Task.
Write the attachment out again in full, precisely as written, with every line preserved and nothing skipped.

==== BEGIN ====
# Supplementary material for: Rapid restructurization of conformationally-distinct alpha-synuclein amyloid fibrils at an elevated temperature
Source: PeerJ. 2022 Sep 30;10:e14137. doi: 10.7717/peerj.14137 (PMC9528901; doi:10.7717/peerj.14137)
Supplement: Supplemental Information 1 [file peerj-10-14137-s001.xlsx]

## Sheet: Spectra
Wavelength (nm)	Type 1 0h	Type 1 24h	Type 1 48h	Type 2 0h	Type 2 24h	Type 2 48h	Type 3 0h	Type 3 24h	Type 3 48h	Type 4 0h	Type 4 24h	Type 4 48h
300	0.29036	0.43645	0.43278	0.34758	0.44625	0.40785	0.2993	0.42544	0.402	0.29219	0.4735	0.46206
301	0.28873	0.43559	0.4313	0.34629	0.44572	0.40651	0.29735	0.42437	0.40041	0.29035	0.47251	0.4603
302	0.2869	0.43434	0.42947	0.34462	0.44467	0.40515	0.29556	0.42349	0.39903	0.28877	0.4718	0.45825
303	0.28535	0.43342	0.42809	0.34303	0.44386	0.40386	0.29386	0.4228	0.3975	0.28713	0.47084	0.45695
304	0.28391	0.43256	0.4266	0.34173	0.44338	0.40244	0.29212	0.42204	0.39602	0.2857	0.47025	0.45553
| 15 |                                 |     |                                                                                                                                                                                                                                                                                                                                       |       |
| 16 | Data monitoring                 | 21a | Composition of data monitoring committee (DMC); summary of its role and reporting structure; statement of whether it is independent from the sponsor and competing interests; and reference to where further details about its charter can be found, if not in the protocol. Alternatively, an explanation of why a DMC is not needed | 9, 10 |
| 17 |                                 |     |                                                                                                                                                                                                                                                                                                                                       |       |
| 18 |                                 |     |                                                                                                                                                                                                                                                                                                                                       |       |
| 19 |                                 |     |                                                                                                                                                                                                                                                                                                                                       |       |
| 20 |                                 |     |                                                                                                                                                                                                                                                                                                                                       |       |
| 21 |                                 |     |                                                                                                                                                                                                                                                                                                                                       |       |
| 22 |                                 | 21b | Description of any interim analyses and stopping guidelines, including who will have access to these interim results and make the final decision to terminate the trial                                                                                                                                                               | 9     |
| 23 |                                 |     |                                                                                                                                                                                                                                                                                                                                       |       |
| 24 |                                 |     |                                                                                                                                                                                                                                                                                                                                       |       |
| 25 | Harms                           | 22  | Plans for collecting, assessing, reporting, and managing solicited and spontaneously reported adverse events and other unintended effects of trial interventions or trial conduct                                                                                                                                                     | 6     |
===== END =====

# Supplementary material for: Rapid restructurization of conformationally-distinct alpha-synuclein amyloid fibrils at an elevated temperature
Source: PeerJ. 2022 Sep 30;10:e14137. doi: 10.7717/peerj.14137 (PMC9528901; doi:10.7717/peerj.14137)
Supplement: Supplemental Information 1 [file peerj-10-14137-s001.xlsx]

## Sheet: Spectra
Wavelength (nm)	Type 1 0h	Type 1 24h	Type 1 48h	Type 2 0h	Type 2 24h	Type 2 48h	Type 3 0h	Type 3 24h	Type 3 48h	Type 4 0h	Type 4 24h	Type 4 48h
300	0.29036	0.43645	0.43278	0.34758	0.44625	0.40785	0.2993	0.42544	0.402	0.29219	0.4735	0.46206
301	0.28873	0.43559	0.4313	0.34629	0.44572	0.40651	0.29735	0.42437	0.40041	0.29035	0.47251	0.4603
302	0.2869	0.43434	0.42947	0.34462	0.44467	0.40515	0.29556	0.42349	0.39903	0.28877	0.4718	0.45825
303	0.28535	0.43342	0.42809	0.34303	0.44386	0.40386	0.29386	0.4228	0.3975	0.28713	0.47084	0.45695
304	0.28391	0.43256	0.4266	0.34173	0.44338	0.40244	0.29212	0.42204	0.39602	0.2857	0.47025	0.45553
| 15 |                                 |     |                                                                                                                                                                                                                                                                                                                                       |       |
| 16 | Data monitoring                 | 21a | Composition of data monitoring committee (DMC); summary of its role and reporting structure; statement of whether it is independent from the sponsor and competing interests; and reference to where further details about its charter can be found, if not in the protocol. Alternatively, an explanation of why a DMC is not needed | 9, 10 |
| 17 |                                 |     |                                                                                                                                                                                                                                                                                                                                       |       |
| 18 |                                 |     |                                                                                                                                                                                                                                                                                                                                       |       |
| 19 |                                 |     |                                                                                                                                                                                                                                                                                                                                       |       |
| 20 |                                 |     |                                                                                                                                                                                                                                                                                                                                       |       |
| 21 |                                 |     |                                                                                                                                                                                                                                                                                                                                       |       |
| 22 |                                 | 21b | Description of any interim analyses and stopping guidelines, including who will have access to these interim results and make the final decision to terminate the trial                                                                                                                                                               | 9     |
| 23 |                                 |     |                                                                                                                                                                                                                                                                                                                                       |       |
| 24 |                                 |     |                                                                                                                                                                                                                                                                                                                                       |       |
| 25 | Harms                           | 22  | Plans for collecting, assessing, reporting, and managing solicited and spontaneously reported adverse events and other unintended effects of trial interventions or trial conduct                                                                                                                                                     | 6     |